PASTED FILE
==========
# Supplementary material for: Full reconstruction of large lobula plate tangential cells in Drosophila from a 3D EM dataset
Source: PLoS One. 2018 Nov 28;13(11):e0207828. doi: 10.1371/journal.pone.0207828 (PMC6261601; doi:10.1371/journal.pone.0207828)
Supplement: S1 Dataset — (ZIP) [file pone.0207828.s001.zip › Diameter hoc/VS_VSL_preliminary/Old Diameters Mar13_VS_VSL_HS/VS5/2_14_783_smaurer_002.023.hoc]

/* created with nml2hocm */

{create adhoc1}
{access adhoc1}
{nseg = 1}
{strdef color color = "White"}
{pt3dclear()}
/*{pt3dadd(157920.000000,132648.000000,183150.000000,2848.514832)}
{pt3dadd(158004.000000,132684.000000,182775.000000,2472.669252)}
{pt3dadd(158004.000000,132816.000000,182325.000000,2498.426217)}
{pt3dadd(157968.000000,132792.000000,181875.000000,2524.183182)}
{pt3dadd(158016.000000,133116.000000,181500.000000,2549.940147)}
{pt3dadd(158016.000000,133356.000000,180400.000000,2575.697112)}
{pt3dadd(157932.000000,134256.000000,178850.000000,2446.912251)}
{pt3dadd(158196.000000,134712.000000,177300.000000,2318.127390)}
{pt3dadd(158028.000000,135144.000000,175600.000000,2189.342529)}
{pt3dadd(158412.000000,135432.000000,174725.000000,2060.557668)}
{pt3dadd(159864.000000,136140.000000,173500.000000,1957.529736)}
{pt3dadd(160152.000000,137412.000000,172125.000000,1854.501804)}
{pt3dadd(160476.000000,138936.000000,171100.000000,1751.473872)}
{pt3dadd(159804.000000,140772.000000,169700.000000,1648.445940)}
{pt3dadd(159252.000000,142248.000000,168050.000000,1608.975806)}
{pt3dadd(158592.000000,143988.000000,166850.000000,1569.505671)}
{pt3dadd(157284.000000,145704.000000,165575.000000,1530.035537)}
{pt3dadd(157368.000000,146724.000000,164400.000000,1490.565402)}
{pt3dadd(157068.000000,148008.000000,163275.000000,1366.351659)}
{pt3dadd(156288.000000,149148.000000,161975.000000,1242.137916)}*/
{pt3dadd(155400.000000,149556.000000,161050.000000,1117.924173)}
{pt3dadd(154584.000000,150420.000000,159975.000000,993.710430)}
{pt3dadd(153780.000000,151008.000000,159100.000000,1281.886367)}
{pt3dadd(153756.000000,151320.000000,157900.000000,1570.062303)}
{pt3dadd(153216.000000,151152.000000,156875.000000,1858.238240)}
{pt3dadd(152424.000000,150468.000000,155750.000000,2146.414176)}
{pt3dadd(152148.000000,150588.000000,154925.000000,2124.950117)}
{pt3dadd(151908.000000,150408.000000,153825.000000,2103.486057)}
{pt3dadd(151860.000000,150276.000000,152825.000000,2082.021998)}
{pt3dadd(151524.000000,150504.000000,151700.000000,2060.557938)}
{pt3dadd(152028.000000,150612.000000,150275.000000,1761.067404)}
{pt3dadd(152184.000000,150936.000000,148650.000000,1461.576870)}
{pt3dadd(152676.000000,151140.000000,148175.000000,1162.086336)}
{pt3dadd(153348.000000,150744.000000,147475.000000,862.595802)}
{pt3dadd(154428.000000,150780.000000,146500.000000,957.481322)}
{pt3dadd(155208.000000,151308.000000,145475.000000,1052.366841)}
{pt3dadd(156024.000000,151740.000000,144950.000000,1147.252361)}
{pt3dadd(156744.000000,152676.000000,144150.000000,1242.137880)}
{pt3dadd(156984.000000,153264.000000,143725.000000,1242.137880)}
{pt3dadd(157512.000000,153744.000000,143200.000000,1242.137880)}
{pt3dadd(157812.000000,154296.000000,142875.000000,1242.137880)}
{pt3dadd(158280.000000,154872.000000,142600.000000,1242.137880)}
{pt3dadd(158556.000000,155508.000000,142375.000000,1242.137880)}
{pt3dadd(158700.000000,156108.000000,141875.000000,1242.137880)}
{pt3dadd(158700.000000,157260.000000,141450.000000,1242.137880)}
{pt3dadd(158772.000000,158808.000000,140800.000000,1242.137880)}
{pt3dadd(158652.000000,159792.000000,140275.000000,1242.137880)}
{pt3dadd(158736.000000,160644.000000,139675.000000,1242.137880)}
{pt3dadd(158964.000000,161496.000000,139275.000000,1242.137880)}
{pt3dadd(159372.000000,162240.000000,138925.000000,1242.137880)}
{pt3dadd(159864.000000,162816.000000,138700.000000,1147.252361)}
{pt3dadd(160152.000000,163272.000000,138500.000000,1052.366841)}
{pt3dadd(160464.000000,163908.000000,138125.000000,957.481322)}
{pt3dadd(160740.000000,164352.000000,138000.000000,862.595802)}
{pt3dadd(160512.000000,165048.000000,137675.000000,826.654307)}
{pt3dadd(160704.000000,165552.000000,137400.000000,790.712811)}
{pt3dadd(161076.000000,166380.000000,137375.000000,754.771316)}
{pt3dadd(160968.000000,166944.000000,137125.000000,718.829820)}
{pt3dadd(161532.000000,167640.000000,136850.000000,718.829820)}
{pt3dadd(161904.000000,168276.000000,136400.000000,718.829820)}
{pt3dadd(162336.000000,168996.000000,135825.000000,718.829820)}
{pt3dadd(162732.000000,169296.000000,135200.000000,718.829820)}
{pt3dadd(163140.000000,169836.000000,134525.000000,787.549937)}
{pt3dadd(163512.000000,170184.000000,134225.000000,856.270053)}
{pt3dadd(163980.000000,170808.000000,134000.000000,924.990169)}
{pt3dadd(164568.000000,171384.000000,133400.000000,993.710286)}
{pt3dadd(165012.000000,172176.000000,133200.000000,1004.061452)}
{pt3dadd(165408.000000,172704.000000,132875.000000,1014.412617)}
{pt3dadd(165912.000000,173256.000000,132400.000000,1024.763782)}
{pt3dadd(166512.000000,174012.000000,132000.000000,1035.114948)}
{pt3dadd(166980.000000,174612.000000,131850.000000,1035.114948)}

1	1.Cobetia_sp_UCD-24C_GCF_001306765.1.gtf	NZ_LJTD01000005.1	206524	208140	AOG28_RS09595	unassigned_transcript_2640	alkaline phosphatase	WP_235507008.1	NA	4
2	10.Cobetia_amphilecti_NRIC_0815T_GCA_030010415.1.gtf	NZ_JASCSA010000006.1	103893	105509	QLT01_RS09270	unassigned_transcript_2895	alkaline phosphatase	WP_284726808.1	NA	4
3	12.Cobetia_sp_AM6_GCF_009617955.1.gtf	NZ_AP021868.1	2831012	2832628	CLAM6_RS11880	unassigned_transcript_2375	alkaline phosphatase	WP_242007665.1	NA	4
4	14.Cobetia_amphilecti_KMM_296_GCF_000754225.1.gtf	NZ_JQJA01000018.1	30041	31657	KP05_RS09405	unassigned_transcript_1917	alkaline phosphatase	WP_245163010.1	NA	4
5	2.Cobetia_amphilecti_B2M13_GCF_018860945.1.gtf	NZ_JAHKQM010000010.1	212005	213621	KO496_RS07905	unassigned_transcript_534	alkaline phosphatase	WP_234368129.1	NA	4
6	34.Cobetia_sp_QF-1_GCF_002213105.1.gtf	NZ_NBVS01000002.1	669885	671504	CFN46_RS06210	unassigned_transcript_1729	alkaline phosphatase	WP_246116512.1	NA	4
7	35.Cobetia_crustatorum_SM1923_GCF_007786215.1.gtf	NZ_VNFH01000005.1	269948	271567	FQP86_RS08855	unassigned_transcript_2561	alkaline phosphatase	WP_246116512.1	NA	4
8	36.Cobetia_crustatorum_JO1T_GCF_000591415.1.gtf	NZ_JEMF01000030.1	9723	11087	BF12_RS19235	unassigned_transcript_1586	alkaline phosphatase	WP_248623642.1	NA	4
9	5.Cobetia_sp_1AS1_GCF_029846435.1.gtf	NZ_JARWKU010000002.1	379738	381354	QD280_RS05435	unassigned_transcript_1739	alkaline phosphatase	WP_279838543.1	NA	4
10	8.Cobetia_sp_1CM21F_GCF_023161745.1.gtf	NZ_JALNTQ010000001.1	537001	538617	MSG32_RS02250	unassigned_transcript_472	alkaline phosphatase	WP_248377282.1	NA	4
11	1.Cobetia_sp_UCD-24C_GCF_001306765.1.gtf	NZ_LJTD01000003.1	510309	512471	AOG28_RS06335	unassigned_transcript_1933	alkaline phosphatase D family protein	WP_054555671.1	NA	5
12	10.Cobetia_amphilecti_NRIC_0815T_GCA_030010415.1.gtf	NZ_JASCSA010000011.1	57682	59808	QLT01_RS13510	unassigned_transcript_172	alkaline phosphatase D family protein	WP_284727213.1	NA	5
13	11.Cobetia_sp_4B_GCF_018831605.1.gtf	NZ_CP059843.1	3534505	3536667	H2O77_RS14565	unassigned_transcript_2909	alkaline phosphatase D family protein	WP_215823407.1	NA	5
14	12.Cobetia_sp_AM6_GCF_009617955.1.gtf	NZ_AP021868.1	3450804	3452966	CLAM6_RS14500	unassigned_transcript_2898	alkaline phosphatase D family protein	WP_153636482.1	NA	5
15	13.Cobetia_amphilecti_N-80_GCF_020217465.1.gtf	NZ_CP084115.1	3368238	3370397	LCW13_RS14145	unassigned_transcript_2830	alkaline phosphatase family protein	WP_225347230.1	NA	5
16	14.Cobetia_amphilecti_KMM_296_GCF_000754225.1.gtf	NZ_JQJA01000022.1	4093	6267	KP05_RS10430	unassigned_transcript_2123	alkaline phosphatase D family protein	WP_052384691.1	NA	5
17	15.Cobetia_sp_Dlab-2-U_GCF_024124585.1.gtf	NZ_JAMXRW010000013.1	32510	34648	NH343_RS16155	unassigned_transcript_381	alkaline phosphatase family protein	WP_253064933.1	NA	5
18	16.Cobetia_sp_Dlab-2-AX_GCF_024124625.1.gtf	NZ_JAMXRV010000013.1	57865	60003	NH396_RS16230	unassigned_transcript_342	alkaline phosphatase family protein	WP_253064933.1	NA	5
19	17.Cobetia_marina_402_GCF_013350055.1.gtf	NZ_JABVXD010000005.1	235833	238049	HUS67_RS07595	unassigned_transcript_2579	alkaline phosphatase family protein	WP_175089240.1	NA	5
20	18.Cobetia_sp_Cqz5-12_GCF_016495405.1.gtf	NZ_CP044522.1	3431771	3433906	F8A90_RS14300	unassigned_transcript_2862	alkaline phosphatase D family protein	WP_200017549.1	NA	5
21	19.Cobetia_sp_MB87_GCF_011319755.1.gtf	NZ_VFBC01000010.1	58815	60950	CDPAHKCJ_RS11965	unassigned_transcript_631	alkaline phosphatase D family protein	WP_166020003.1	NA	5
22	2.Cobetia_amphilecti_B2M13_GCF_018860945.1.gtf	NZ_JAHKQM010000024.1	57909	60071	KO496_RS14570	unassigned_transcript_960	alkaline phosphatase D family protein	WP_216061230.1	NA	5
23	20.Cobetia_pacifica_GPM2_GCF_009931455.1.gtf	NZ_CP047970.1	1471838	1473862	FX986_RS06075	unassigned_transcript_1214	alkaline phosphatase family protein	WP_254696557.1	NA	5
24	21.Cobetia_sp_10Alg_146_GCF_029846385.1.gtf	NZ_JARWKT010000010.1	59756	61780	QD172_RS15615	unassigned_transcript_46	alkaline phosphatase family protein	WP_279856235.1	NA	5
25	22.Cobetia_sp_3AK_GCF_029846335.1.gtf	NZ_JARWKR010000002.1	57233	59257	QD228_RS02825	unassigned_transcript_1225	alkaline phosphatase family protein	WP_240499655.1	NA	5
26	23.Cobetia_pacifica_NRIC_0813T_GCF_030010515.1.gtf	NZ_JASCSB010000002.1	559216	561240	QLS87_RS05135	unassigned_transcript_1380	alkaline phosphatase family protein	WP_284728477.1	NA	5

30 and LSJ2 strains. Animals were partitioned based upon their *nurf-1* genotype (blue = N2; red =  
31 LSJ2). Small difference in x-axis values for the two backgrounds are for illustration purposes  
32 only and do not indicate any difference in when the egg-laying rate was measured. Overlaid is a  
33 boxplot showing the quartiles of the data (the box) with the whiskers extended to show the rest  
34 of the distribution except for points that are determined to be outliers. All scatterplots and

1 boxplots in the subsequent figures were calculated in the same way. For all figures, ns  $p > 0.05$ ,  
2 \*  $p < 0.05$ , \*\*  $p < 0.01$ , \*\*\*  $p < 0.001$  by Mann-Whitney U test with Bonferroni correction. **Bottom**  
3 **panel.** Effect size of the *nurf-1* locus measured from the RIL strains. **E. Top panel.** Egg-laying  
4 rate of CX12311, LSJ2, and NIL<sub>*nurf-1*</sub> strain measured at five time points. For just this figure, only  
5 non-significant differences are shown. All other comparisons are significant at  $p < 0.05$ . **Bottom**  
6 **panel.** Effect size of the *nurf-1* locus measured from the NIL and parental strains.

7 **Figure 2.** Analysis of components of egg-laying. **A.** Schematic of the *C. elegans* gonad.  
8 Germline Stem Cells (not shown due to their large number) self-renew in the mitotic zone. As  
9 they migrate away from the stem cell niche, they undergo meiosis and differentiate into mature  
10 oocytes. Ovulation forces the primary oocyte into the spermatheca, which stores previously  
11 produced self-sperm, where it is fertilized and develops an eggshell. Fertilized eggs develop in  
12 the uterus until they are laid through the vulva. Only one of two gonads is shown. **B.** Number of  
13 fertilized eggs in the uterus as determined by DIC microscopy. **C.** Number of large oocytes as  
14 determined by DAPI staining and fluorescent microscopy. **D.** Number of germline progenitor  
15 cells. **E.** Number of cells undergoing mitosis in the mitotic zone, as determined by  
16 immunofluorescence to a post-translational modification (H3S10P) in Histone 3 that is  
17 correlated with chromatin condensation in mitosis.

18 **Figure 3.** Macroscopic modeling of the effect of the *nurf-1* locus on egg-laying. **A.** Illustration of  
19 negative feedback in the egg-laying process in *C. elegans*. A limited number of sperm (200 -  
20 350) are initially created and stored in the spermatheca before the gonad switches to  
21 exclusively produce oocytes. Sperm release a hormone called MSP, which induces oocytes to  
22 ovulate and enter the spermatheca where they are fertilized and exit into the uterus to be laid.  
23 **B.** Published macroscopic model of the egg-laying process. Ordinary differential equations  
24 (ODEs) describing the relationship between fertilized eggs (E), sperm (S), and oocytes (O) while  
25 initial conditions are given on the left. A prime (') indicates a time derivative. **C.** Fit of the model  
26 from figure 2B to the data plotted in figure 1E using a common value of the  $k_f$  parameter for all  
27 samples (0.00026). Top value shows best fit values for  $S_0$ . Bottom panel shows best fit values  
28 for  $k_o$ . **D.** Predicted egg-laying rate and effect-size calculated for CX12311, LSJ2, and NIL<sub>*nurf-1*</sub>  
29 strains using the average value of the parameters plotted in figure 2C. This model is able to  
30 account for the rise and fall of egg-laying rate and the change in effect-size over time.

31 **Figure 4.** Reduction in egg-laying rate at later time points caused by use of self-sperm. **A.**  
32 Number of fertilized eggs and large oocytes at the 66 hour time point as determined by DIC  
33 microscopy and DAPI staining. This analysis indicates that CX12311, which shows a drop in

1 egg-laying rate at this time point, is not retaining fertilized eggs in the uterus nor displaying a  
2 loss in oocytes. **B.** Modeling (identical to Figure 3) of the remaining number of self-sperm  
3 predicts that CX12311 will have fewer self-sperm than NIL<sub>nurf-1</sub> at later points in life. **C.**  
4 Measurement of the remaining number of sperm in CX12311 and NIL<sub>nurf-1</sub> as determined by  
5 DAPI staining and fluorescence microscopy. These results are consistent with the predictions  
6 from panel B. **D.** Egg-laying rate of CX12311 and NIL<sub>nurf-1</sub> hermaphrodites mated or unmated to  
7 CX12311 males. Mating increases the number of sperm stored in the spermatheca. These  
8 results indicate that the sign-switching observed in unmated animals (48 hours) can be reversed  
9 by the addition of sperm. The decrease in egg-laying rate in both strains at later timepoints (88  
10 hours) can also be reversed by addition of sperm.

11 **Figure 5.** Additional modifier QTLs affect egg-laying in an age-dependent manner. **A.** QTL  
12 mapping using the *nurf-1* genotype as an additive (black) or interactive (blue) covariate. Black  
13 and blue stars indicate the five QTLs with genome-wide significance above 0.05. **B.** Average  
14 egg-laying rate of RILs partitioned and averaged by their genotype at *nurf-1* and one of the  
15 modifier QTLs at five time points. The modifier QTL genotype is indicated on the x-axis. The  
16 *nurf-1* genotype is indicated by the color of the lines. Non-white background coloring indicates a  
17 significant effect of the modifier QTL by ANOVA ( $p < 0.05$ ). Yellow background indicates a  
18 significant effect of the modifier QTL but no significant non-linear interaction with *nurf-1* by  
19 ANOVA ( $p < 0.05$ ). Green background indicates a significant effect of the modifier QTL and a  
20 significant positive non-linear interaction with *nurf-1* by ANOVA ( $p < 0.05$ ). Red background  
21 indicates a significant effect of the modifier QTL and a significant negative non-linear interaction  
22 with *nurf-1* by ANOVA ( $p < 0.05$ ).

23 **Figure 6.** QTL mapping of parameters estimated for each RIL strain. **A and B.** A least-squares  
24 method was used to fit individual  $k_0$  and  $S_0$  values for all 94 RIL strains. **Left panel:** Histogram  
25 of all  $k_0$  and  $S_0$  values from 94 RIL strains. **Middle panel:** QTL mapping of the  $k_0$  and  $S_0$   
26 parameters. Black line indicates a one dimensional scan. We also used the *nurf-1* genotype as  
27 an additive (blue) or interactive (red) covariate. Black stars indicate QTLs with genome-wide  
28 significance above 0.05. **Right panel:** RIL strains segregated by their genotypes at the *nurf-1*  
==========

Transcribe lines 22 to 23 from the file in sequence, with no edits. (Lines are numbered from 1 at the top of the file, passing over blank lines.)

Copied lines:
{pt3dadd(160476.000000,138936.000000,171100.000000,1751.473872)}
{pt3dadd(159804.000000,140772.000000,169700.000000,1648.445940)}